Advertisement

Two Sector Growth Models

  • Sibabrata Das
  • Alex Mourmouras
  • Peter Rangazas
Chapter
Part of the Springer Texts in Business and Economics book series (STBE)

Abstract

This section provides an introduction to two sector growth models. We begin with a model where a single good is produced using traditional means of production. In the traditional sector, production is carried out by households using land (natural resources) and labor. There are no firms or factories that rely on heavy plant and equipment and modern production methods to produce goods. This setting can be used to identify the conditions necessary for a modern sector to appear that would begin an “industrial revolution,” as in Hansen and Prescott (2002), helping to explain G8 and G9.

References

  1. Abdus S (2007) Obesity: A dynamic structural model of individuals’ body weight choice. Cornell University, Ithaca, New York.Google Scholar
  2. Abdus S, Rangazas P (2011) Adult nutrition and growth. Review of economic dynamics 14(4):636–649.CrossRefGoogle Scholar
  3. Acemoglu D, Robinson J (2012) Why nations fail: The origins of power, prosperity, and poverty. Crown Publishers, New York.Google Scholar
  4. Ashworth A, Millward D (1986) Catch-up growth in children. Nutrition reviews 44(5):157–163.CrossRefGoogle Scholar
  5. Azariadis C (1993) Intertemporal macroeconomics. Blackwell, Oxford.Google Scholar
  6. Clark G (2007) A farewell to alms. Princeton University Press, Princeton, New Jersey.Google Scholar
  7. Costa D (1996) Health and labor force participation of older men, 1900–1991. Journal of economic history 56(1):62–89.CrossRefGoogle Scholar
  8. Crafts N (1995) Exogenous of endogenous growth? The industrial revolution reconsidered. Journal of economic history 55(4):745–772.CrossRefGoogle Scholar
  9. Fogel R (1994) Economic growth, population theory, and physiology: The bearing of long-term processes on the making of economic policy. American economic review 84(3):369–395.Google Scholar
  10. Galor O (2005) From stagnation to growth: A unified theory. In: Aghion P, Durlauf S (eds) Handbook of economic growth. Elsevier North-Holland, Amsterdam.Google Scholar
  11. Galor O (2011) Unified growth theory. Princeton University Press, Princeton, New Jersey.Google Scholar
  12. Galor O, Weil D (2000) Population, technology, and growth: From Malthusian stagnation to modern economic growth. American economic review 90(4):806–828.CrossRefGoogle Scholar
  13. Graham GG, Creed HM, MacLean Jr WC, Kallman CH, Rabold J, Mellits ED (1981) Determinants of growth among poor children: Nutrient intake –achieved growth relationships. The American journal of clinical nutrition 34:539–544.CrossRefGoogle Scholar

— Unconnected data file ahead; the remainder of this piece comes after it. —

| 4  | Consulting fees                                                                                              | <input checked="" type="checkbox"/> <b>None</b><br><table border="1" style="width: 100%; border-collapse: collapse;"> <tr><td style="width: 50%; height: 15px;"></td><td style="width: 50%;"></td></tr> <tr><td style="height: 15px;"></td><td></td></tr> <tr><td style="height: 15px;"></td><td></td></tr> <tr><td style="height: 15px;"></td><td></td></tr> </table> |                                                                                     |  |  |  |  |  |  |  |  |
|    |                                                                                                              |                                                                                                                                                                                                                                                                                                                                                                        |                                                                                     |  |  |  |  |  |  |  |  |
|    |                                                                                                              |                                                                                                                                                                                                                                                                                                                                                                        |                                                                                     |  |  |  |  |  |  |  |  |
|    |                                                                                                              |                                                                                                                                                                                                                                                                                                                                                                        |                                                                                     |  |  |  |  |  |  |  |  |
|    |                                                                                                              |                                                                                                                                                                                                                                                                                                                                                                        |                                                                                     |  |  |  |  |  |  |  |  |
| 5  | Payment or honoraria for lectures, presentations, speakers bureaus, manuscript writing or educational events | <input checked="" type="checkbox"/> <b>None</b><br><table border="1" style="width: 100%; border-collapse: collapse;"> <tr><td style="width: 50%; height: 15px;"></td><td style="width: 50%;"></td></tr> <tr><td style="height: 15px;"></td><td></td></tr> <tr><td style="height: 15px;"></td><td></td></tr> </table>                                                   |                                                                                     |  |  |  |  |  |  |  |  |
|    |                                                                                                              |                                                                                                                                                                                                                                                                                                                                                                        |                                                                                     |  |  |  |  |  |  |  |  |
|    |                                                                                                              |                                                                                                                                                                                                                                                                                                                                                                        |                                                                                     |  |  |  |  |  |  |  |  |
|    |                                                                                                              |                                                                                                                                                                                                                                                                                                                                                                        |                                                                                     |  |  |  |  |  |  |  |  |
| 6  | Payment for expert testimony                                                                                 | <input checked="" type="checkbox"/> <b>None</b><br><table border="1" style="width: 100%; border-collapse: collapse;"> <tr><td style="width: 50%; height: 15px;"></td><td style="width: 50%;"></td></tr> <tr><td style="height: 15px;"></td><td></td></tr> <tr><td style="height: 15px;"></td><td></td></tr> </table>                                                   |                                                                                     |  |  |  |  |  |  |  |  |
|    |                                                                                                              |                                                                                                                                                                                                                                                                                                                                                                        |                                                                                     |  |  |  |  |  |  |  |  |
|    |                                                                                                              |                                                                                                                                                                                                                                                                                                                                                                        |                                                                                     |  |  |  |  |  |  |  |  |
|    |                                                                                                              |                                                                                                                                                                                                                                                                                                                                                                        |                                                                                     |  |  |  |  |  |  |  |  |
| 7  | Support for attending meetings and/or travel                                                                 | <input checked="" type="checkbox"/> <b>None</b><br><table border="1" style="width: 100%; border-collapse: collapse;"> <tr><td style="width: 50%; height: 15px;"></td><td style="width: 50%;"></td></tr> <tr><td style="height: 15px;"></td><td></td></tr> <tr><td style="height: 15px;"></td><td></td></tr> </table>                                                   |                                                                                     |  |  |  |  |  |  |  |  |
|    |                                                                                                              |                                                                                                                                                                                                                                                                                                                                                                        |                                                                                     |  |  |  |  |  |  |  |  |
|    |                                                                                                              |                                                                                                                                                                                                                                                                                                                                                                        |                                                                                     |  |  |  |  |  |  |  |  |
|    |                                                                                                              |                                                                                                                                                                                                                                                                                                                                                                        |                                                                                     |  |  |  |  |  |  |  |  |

14. Habbakuk J (1962) American and British technology in the Nineteenth century. Cambridge University Press, Cambridge, UK.Google Scholar
  15. Hansen G, Prescott E (2002) Malthus to Solow. American economic review 92(4):1205–1217.CrossRefGoogle Scholar
  16. Herrendorf B, Rogerson R, Valentinyi A (2014) Growth and the structural transformation. In: Aghion P, Durlauf S (eds) Handbook of economic growth, vol. 2. Elsevier, Amsterdam.Google Scholar
  17. Kirbey P (1995) Causes of Short stature among coal-mining children 1823–1850. Economic history review, 687–699.Google Scholar
  18. Komlos J (1998) Shrinking in a growing economy? The mystery of physical stature during the industrial revolution. Journal of economic history 58(3):779–802.CrossRefGoogle Scholar
  19. Lucas R (2002) Lecture on economic growth. Harvard University Press, Cambridge, Massachusetts.Google Scholar
  20. Maddison A (1995) Monitoring the world economy, 1820–199. Organisation for Economic Co-operation and Development, Paris.Google Scholar
  21. Mitchell H (1962) Nutrition in relation to stature. Journal of the American dietetic association 40:521–524.Google Scholar
  22. Mourmouras A, Rangazas P (2009) Reconciling Kuznets and Habbakuk in a unified growth model. Journal of economic growth 14(2):149–181.CrossRefGoogle Scholar
  23. Parente S, Prescott E (2000) Barriers to riches. MIT Press, Cambridge, Massachusetts.Google Scholar
  24. Voth H, Leunig T (1996) Did smallpox reduce height? Stature and the standard of living in London, 1770–1873. Economic history review 49(3):541–566.CrossRefGoogle Scholar
  25. Whitney E, Cataldo C (1983) Understanding normal and clinical nutrition. West-Wadsworth Publishing Company, Belmont, California.Google Scholar
  26. Williamson J (2011) Trade and poverty: When the third world fell behind. MIT Press, Cambridge, Massachusetts.CrossRefGoogle Scholar

Copyright information

© Springer International Publishing AG, part of Springer Nature 2018

Authors and Affiliations

  • Sibabrata Das
    • 1
  • Alex Mourmouras
    • 2
  • Peter Rangazas
    • 3
  1. 1.Strategy, Policy & Review DepartmentInternational Monetary FundWashington, DCUSA
  2. 2.International Monetary FundWashington, DCUSA
  3. 3.Department of EconomicsIndiana University-Purdue UniversityIndianapolisUSA

Personalised recommendations